Profusion of costumes, colors, feathers! Frenzy of creative imagination!

Lagos? A second élan of Black people! Lagos? A hope for the quenching of sharp thirsts!

Lagos reinvigorates the seeds of the past to sow the future.


1. “Ma petite patrie” is a composition that Bâ wrote as a fourth-year student at the Ecole Normale des Jeunes Filles de Rufisque. In the late 1940s, two French visitors to the school, Maurice Genevoix and Jacques Richard-Molard, were shown a typed version of Bâ's composition as an example of the successes of colonial education. Both seem to have been duly impressed and later quoted her text extensively in their own published works. It is unclear whether the sharing of the composition and its later publication were done with Bâ's consent (Riesz and Bjornson 38–41).

2. Andrade estimated in 2011 that over 150 articles, chapters, and monographs had been published on Bâ—a figure that today would be over 200. So Long a Letter was still the sixth most commonly taught work of African literature in 2020 according to Saint and Shringarpure's survey of professors of African literature.

3. See the proceedings of the FESTAC colloquium, which also include the speeches Bâ mentions in the poem (Colloquium Proceedings).

4. Held alongside the many cultural events and performances, the FESTAC colloquium brought together hundreds of scholars, artists, and writers for a two-week intensive program on Black civilization that featured public lectures and working groups.

5. For a detailed account of the cultural politics surrounding FESTAC, see Apter. For a sense of the vibrancy of exchanges at FESTAC, see the collection of archival and visual materials assembled and remixed by Chimurenga (Edjabe and Adesokan), as well as the photographs of Marilyn Nance (Nance).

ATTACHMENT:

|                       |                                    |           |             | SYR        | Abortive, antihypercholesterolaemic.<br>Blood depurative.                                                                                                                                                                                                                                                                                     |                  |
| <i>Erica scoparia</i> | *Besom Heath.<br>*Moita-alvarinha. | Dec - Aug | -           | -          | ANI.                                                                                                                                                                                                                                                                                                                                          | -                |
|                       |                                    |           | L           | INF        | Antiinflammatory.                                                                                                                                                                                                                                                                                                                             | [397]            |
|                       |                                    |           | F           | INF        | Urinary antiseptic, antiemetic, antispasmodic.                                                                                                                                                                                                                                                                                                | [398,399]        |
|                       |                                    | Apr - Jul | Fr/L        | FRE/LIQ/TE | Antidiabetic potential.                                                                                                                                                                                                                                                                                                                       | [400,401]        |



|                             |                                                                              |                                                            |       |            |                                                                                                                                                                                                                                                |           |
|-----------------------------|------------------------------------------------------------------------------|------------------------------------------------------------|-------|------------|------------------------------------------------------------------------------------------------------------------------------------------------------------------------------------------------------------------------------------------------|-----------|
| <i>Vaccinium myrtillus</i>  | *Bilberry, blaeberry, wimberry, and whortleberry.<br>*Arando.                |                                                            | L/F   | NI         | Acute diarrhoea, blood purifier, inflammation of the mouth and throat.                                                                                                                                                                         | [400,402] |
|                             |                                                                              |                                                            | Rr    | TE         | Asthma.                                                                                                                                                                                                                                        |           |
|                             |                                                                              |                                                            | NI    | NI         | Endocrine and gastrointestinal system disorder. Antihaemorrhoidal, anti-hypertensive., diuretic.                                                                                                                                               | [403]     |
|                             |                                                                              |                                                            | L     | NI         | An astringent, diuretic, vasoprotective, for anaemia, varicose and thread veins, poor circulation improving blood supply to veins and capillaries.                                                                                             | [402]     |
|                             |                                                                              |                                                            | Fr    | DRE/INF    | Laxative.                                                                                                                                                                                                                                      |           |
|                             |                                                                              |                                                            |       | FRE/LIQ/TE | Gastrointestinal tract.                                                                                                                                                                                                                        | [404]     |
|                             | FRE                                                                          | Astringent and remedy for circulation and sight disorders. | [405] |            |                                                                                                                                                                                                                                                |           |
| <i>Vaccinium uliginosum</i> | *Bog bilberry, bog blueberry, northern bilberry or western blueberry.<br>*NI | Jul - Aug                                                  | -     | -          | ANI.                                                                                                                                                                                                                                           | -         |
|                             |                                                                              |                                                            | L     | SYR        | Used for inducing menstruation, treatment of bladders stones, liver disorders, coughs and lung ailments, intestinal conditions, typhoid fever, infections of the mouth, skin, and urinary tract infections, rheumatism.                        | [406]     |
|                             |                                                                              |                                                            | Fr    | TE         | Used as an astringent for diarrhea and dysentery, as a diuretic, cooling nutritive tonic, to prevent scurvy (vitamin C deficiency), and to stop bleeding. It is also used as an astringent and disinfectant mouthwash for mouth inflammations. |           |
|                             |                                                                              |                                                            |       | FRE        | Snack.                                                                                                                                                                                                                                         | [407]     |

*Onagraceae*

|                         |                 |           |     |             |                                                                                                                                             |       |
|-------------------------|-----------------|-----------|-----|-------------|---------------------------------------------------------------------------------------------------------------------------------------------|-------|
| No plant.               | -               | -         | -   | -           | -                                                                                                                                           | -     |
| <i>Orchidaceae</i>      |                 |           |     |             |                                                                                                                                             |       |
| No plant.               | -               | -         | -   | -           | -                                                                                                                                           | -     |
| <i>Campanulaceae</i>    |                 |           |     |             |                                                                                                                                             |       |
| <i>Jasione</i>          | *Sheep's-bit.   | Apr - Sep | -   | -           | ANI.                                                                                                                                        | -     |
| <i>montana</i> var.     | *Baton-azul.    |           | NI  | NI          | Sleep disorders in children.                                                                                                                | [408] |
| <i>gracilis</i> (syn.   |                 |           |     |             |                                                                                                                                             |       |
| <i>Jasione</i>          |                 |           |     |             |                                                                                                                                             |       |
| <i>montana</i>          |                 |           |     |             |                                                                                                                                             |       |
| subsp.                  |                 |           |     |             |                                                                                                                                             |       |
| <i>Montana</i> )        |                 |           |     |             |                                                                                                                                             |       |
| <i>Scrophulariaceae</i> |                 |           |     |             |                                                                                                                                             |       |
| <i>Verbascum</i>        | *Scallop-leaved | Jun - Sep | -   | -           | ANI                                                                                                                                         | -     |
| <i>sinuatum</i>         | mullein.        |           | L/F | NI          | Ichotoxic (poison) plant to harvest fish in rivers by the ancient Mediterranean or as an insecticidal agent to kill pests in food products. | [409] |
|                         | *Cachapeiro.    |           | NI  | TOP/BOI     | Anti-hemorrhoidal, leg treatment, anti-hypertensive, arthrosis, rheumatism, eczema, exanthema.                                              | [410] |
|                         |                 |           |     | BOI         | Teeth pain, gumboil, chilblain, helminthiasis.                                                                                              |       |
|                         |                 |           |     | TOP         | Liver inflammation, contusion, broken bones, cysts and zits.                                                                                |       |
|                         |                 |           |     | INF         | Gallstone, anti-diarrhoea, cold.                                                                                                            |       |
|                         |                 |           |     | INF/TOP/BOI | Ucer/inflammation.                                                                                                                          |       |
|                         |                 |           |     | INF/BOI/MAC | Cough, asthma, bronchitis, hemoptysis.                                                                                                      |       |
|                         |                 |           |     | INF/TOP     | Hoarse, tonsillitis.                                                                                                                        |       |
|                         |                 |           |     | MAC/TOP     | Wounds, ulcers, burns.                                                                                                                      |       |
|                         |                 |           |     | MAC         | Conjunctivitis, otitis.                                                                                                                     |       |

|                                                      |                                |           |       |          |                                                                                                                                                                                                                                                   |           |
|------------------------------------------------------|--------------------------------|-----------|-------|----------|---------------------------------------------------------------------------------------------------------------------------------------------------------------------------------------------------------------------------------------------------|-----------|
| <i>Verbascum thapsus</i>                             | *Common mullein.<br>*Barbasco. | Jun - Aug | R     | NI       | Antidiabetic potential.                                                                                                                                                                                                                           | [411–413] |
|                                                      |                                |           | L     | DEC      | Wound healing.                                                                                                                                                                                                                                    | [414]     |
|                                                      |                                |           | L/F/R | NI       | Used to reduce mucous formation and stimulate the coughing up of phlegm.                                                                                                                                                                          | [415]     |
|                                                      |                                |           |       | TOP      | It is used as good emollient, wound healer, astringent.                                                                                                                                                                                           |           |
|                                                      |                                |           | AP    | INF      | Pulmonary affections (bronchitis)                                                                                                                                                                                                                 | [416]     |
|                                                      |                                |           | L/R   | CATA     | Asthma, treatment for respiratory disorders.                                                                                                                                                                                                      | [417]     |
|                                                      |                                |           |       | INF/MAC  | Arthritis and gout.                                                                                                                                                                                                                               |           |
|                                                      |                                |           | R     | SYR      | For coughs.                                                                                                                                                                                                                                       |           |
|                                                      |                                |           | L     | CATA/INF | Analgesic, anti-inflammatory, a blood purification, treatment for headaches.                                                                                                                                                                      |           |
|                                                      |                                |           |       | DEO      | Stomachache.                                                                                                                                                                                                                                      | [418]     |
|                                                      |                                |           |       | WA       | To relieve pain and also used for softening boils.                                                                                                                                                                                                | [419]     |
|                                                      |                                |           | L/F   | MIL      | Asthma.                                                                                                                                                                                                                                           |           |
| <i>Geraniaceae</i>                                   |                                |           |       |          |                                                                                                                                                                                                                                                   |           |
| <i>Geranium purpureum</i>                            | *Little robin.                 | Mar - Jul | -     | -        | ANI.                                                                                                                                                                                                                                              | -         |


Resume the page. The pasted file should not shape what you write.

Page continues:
1. Burkinabé scholar, historian, and politician who authored influential histories of Africa. Ki-Zerbo's lecture at the colloquium was entitled “Culture, Education and Development in Africa.”

2. Congolese philosopher and Afrocentric Egyptologist whose linguistic work extended the theories of Cheikh Anta Diop on the Black African origins of Egyptian civilization. Obenga's lecture at the colloquium was entitled “Egyptian Language and Negro-African Languages.”

3. One of the last dammels (rulers) of the precolonial Wolof kingdom of Kajoor (Senegal), Lat Dior fought the colonial conquest by repeatedly sabotaging the extension of an important railroad before falling to the French at the battle of Dékheulé in 1886. A popular anticolonial icon, Lat Dior was elevated to the status of a national hero by successive Senegalese presidents. The focus on Lat Dior in the official Senegalese exhibition at Lagos speaks to a state-driven search for commensurable symbols of resistance but does not entirely captivate Bâ, who in her poem seems more compelled by the pan-African connections she experiences in embodied performances and material cultures.

4. These quotations are from “Appel” (“Call”), by the Senegalese poet David Mandessi Diop.


Works Cited